I am reluctant to write about this as I am sure it will get me into trouble with victims and victims advocates. But as a seeker of truth, I have no choice.
Yesterday I took the trouble to read the complaint filed against Dr. Lamm and Yeshiva University (YU) which asked for a $380 million dollar judgment in compensatory and punitive damages for 19 victims of abuse. Abuse that took place over 20 years ago and longer. After reading the complaint, I must confess that my reaction was visceral. I wanted to vomit. I was disgusted by what allegedly happened to these 19 survivors of sex abuse during their time as students in YU’s high school (MTA). And I felt extreme sympathy for all the pain they have suffered since. The picture painted of YU’s leaders who were in a position to do something about it and yet seemed indifferent to their pain – made me want to close down the school right then and there.
But the truth is that unlike the survivors of abuse that took place at YU, I do not want to see YU close down. That would not serve any useful purpose other than satisfying the anger these survivors have against the school – legitimate though it may be.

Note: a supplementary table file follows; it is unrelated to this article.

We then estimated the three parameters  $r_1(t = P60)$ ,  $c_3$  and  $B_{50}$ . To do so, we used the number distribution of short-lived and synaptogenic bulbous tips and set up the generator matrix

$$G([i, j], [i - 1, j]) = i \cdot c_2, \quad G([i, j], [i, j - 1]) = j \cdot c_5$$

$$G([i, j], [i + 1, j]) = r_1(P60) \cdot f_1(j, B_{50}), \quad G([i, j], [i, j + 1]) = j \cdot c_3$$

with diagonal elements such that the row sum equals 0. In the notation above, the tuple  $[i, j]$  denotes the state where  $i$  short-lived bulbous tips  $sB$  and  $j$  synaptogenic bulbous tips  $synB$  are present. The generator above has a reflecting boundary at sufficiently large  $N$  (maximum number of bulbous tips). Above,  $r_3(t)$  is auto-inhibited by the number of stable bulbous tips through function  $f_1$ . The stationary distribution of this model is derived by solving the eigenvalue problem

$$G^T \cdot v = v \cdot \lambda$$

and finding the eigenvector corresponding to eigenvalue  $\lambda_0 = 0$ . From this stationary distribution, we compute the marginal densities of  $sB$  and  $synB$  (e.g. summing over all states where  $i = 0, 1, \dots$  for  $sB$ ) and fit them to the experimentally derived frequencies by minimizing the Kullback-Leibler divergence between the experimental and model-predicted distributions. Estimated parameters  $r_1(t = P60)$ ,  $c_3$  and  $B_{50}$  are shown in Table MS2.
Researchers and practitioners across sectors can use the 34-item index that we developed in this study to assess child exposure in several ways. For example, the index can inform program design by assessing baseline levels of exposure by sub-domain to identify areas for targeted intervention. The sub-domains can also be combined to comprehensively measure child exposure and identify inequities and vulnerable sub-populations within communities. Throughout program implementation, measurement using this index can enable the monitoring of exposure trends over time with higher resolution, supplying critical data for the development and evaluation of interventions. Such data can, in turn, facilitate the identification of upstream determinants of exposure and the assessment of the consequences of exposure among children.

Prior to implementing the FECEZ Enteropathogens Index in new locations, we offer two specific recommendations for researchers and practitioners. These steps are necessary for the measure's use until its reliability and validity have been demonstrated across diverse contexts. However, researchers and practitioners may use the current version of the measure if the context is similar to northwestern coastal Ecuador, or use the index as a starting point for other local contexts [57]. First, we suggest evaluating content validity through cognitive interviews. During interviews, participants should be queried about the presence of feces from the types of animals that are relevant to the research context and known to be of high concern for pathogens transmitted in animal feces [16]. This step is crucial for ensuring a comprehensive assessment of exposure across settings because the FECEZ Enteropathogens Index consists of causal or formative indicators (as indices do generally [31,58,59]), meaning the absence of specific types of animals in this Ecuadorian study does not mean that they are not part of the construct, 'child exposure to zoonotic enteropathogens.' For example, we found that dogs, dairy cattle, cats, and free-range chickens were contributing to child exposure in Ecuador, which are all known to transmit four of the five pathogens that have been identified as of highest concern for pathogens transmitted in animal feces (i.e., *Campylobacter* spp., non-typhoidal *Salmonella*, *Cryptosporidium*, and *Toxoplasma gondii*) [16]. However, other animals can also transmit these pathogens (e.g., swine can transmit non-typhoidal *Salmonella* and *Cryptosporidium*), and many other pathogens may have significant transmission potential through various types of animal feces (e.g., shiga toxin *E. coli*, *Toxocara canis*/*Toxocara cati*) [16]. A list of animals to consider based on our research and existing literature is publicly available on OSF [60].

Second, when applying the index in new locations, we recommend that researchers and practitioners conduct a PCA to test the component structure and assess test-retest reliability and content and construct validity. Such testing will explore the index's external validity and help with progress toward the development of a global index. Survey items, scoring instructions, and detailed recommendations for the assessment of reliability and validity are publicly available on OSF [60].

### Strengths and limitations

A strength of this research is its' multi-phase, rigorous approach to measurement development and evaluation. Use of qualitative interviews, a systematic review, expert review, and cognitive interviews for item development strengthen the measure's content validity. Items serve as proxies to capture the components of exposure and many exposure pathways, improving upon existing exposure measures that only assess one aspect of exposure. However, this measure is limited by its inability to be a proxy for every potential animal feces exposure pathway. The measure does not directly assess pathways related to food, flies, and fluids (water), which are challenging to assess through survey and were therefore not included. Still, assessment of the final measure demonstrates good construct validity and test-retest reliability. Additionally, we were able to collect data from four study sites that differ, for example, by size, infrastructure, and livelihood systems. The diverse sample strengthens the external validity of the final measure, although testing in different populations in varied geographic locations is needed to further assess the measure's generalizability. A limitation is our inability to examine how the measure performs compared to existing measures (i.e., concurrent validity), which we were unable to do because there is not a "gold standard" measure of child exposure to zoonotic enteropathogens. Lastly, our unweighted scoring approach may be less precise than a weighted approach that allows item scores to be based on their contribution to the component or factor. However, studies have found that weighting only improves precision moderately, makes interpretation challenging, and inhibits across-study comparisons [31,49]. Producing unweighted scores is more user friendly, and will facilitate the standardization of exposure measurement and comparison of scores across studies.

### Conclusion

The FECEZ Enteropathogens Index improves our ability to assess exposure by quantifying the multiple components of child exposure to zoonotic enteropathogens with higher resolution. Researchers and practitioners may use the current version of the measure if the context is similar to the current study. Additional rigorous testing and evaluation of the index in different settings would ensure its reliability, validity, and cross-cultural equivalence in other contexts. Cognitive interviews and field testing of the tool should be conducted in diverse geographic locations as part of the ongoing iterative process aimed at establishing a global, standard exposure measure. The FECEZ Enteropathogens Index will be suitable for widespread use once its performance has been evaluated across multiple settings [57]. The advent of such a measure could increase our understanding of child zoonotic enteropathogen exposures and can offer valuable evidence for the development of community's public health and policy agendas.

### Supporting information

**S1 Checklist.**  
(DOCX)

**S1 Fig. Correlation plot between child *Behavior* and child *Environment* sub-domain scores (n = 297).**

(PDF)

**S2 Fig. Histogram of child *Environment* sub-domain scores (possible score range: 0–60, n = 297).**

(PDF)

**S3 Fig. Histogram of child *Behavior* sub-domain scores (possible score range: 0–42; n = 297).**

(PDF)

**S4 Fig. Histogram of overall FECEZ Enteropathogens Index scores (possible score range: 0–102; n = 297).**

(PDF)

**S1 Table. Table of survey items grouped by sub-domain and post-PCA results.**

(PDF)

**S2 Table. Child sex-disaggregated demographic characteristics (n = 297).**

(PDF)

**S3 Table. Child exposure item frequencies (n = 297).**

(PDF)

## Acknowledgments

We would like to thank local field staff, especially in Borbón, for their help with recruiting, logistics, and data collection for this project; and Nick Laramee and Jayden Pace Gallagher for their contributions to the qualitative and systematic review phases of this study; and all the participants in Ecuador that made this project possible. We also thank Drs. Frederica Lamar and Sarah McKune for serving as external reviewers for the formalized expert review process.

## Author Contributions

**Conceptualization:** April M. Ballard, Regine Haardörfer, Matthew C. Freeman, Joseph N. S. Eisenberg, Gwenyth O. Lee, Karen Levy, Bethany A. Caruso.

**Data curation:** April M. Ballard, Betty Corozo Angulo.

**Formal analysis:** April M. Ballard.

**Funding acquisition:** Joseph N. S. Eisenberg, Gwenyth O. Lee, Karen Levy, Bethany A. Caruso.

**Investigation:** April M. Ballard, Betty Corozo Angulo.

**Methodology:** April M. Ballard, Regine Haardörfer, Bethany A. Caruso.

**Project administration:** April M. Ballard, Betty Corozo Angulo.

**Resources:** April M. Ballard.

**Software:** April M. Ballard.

Yeshiva University is a unique institution. If it were to close down, there is nothing that would replace it. It is the only home of Torah U’Mada – that remains true to not only Halacha, but Mesorah too. It has a glorious heritage and currently has some of the finest minds in both Torah and Mada in all of Orthodoxy. I am not going to go into all of YU’s singular contributions. It would take volumes to do that.
That said, I am not here to defend YU or any of the people who seemed to act so callously and indifferently to the victims’ pain – a pain that was enabled by years of indifference. That truly has to be addressed. However, a judgment of $380 million is in my opinion excessive – if it could lead to the demise of the school.